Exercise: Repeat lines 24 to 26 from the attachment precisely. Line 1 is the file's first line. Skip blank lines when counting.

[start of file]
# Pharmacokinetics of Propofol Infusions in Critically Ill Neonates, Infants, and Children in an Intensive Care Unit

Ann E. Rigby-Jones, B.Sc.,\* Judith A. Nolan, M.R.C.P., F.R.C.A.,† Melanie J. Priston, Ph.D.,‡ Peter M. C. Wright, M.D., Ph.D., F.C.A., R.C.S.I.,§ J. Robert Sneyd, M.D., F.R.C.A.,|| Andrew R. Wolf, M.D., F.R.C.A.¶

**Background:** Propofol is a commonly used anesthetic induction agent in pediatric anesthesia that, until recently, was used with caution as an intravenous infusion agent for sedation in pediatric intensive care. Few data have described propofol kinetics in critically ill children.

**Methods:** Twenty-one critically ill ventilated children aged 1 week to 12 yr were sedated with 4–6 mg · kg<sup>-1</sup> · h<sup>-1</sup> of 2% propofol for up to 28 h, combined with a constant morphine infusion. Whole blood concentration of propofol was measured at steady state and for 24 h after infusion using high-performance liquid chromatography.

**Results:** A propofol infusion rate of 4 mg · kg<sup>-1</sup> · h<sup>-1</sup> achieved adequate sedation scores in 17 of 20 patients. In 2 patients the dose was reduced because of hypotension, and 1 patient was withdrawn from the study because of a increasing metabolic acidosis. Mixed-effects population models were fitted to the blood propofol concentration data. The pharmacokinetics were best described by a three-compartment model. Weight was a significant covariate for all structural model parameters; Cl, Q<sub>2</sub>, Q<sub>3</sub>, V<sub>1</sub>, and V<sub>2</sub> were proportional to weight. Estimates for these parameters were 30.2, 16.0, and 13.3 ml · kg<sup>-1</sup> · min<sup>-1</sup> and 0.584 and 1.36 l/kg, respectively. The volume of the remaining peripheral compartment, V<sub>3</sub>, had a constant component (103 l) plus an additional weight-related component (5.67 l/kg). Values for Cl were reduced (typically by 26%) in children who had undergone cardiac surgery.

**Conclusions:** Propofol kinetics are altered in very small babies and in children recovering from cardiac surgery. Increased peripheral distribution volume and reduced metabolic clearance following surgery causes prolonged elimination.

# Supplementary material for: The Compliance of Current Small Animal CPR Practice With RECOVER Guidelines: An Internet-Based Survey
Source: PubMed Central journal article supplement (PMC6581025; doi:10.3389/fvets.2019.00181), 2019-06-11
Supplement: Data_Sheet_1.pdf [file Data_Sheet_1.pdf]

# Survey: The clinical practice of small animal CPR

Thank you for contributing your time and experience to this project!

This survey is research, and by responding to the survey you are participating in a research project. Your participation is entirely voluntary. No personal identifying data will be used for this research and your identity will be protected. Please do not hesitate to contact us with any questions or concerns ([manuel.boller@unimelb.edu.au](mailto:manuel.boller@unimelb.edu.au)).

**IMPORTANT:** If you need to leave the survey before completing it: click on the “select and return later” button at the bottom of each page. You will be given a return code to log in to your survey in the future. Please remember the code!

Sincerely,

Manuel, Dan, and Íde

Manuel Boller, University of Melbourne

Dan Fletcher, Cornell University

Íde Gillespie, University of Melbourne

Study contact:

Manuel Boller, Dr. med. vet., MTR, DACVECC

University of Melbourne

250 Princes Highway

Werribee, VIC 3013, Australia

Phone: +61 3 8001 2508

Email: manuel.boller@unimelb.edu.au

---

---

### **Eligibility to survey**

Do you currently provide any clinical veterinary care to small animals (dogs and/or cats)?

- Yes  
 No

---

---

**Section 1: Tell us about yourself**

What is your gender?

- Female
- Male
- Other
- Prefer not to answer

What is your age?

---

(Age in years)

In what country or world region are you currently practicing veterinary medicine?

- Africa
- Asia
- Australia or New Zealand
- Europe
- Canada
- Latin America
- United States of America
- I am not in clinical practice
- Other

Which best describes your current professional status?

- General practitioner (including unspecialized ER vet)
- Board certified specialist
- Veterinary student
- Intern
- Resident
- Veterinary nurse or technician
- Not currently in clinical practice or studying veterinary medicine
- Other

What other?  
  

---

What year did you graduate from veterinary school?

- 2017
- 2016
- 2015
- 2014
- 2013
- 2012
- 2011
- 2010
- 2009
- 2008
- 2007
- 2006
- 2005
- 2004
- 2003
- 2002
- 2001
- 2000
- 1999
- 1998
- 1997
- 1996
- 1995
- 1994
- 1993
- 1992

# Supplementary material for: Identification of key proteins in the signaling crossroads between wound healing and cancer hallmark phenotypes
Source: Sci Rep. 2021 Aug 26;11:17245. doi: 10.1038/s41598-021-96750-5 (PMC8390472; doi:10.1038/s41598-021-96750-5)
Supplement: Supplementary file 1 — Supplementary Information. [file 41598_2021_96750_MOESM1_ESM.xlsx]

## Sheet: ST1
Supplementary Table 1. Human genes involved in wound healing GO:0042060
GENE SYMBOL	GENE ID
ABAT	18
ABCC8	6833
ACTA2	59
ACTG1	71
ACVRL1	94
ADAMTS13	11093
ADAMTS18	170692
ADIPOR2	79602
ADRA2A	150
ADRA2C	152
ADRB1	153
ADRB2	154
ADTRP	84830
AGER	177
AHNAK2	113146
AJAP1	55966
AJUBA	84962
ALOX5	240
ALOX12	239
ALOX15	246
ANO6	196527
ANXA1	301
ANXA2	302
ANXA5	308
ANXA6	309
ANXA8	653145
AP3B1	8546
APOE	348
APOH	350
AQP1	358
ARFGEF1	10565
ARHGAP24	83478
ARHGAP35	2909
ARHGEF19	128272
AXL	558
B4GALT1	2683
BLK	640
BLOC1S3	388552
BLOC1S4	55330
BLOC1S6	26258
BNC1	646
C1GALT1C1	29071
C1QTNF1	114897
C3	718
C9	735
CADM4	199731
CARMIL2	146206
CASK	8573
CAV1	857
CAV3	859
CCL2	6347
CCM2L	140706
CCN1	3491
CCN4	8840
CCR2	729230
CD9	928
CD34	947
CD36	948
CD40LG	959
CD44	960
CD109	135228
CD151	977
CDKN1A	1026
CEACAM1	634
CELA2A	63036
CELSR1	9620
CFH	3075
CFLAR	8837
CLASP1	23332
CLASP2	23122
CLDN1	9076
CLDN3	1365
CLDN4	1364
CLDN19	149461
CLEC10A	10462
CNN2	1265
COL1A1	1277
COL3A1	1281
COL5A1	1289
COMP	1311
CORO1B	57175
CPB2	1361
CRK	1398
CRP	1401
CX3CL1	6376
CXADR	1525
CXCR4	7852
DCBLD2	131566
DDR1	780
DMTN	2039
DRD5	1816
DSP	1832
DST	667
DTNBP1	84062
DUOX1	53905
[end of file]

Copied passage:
Phone: +61 3 8001 2508

Email: manuel.boller@unimelb.edu.au

---